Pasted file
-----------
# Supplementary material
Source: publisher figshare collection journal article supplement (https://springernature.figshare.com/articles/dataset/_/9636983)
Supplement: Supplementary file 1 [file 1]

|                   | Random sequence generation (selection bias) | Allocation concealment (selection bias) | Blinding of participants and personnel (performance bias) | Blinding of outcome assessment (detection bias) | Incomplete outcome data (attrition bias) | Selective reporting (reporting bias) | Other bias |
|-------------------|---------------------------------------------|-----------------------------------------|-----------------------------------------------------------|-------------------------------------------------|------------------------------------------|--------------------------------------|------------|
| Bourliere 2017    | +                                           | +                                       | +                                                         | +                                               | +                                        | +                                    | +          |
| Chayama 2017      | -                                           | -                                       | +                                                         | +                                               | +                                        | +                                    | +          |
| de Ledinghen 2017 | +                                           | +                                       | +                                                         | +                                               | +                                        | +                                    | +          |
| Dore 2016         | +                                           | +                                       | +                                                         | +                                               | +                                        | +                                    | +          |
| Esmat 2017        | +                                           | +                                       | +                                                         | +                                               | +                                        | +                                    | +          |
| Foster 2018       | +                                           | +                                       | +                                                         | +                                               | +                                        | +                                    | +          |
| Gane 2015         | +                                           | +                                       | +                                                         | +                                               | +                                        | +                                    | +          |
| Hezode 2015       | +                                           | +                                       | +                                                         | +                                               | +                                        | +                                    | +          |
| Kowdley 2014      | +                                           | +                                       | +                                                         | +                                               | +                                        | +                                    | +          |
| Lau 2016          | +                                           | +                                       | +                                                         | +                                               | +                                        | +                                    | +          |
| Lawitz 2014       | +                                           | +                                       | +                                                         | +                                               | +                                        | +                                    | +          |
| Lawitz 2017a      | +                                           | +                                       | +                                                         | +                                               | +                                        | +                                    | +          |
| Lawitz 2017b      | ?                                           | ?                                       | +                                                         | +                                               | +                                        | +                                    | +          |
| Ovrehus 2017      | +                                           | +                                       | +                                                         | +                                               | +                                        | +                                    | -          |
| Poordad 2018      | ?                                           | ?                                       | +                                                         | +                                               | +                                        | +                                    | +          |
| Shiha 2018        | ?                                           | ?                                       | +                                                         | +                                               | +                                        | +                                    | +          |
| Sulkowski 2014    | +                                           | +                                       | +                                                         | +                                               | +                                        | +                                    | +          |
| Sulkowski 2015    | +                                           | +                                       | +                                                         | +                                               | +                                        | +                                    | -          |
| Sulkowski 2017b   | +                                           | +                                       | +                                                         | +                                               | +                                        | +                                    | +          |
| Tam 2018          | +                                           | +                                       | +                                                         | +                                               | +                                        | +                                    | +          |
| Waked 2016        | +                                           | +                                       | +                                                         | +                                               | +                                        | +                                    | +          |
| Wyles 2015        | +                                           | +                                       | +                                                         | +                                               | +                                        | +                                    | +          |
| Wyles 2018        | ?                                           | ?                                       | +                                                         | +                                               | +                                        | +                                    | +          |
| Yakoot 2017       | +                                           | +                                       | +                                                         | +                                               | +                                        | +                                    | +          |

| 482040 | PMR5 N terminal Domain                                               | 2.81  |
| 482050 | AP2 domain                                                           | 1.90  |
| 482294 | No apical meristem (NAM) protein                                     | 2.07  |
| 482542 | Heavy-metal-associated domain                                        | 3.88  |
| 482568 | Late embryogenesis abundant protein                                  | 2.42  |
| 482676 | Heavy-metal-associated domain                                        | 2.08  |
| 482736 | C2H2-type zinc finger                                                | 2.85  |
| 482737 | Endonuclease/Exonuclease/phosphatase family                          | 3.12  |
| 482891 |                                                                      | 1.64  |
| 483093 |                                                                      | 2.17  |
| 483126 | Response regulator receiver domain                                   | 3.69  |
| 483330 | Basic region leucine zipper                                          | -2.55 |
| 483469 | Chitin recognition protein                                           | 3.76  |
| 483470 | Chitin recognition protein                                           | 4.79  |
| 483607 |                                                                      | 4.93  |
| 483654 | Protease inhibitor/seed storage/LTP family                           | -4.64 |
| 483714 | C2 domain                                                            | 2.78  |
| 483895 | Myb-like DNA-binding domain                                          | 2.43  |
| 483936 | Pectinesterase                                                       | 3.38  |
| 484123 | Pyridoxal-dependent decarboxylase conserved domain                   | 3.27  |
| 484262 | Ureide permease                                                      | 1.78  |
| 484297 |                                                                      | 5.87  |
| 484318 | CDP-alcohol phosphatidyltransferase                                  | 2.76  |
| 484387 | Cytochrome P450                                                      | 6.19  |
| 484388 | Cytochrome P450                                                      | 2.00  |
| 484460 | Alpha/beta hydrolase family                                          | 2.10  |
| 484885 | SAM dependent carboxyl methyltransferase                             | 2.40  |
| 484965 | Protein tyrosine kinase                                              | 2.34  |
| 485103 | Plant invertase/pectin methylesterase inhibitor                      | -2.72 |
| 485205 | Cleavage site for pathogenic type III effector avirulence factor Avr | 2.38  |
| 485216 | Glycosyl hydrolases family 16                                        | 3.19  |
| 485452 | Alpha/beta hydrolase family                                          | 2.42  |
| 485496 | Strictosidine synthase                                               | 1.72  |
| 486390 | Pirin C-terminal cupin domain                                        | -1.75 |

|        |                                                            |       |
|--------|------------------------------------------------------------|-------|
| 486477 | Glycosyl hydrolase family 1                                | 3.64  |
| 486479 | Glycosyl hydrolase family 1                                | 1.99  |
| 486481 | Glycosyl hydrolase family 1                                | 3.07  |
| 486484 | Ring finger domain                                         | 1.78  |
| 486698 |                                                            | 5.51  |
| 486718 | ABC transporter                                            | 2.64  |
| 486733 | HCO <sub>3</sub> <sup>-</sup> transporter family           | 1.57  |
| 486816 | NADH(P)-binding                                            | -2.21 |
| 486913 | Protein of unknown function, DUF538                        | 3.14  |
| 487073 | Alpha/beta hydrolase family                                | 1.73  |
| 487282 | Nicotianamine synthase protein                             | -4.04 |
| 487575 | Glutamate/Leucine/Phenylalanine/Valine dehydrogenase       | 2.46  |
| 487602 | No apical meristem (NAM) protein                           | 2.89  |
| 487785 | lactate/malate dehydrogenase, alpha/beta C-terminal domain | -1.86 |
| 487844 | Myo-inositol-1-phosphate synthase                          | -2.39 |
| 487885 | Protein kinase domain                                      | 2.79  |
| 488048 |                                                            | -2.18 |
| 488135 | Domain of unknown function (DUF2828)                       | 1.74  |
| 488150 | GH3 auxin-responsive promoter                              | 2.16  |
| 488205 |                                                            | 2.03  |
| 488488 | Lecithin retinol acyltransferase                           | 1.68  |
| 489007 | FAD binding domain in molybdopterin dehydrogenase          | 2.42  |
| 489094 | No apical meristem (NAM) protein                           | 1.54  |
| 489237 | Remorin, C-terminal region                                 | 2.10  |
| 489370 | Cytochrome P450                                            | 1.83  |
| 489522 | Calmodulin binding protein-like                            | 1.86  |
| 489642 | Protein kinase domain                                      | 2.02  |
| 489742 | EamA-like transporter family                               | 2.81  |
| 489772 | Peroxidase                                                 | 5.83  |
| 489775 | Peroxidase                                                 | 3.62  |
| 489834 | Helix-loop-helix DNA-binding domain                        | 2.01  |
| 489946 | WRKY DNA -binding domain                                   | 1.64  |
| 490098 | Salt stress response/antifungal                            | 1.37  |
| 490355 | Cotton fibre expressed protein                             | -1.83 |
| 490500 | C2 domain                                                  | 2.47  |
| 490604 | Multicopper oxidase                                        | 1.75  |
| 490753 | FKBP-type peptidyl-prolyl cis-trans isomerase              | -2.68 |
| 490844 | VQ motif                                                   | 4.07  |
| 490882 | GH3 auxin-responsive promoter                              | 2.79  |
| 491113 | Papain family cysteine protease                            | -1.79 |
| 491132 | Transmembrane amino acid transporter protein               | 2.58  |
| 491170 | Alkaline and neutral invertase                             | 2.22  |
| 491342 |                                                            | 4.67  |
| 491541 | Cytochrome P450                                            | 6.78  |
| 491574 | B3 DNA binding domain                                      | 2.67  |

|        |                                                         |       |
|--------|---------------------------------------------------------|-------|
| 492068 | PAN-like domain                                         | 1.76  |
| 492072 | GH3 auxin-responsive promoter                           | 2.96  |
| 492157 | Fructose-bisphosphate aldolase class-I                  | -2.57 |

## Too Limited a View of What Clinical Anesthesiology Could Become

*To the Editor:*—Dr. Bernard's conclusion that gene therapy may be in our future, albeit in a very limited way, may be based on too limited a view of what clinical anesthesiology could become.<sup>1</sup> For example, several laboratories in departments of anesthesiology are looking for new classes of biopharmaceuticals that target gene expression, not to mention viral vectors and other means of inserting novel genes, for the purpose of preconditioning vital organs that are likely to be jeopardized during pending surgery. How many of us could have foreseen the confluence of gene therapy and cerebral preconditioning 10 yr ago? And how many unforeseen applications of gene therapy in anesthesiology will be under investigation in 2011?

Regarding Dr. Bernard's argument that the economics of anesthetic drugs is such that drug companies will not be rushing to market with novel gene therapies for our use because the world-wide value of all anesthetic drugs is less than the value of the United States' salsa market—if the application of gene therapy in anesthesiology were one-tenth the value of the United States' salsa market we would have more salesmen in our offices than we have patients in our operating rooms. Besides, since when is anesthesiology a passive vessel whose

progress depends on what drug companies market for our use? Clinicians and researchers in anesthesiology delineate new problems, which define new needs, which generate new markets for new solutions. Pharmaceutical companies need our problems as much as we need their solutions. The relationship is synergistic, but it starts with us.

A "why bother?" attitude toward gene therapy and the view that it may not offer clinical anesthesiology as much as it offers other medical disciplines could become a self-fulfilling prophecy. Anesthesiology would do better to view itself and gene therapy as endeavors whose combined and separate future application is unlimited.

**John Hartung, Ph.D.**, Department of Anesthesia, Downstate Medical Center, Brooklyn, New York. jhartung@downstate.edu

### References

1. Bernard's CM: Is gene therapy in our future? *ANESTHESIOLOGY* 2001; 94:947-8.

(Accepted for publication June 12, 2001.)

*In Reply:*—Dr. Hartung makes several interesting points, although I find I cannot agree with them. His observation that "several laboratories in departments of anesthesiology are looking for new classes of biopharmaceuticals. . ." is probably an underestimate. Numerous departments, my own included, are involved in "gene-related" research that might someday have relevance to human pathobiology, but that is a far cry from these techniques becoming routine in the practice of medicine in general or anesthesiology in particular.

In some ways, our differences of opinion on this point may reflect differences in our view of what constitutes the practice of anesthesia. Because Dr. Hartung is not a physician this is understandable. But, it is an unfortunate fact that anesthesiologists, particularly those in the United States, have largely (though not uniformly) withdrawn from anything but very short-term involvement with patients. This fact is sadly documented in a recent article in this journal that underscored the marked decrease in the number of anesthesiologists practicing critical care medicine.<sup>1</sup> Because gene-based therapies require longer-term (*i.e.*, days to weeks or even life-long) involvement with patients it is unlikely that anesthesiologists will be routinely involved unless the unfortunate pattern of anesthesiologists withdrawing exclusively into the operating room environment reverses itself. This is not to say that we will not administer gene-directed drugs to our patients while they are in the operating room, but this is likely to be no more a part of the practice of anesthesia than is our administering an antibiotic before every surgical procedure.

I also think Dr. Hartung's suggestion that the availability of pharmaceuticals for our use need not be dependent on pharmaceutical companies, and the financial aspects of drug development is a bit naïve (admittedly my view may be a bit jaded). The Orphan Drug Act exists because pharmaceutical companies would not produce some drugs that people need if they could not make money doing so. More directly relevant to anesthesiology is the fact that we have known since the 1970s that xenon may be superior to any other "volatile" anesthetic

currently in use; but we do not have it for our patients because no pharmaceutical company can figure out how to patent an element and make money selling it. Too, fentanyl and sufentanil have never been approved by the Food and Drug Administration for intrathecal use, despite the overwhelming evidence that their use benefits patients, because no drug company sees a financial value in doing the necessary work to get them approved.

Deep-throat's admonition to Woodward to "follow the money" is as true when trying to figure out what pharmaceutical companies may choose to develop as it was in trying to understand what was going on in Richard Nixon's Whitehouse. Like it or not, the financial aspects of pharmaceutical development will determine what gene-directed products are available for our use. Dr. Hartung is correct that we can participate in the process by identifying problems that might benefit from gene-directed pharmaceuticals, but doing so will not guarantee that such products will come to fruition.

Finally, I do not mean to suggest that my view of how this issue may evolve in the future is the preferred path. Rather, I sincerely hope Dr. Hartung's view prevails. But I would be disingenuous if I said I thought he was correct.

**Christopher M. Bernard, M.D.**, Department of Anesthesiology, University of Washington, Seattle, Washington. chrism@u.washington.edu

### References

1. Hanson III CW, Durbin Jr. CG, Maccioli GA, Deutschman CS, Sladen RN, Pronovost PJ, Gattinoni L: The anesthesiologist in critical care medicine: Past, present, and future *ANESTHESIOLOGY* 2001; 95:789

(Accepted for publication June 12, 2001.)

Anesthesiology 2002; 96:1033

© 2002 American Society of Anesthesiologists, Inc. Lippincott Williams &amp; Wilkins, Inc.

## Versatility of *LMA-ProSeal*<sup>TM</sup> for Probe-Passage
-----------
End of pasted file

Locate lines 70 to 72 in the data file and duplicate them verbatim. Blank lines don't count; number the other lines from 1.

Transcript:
| 486698 |                                                            | 5.51  |
| 486718 | ABC transporter                                            | 2.64  |
| 486733 | HCO <sub>3</sub> <sup>-</sup> transporter family           | 1.57  |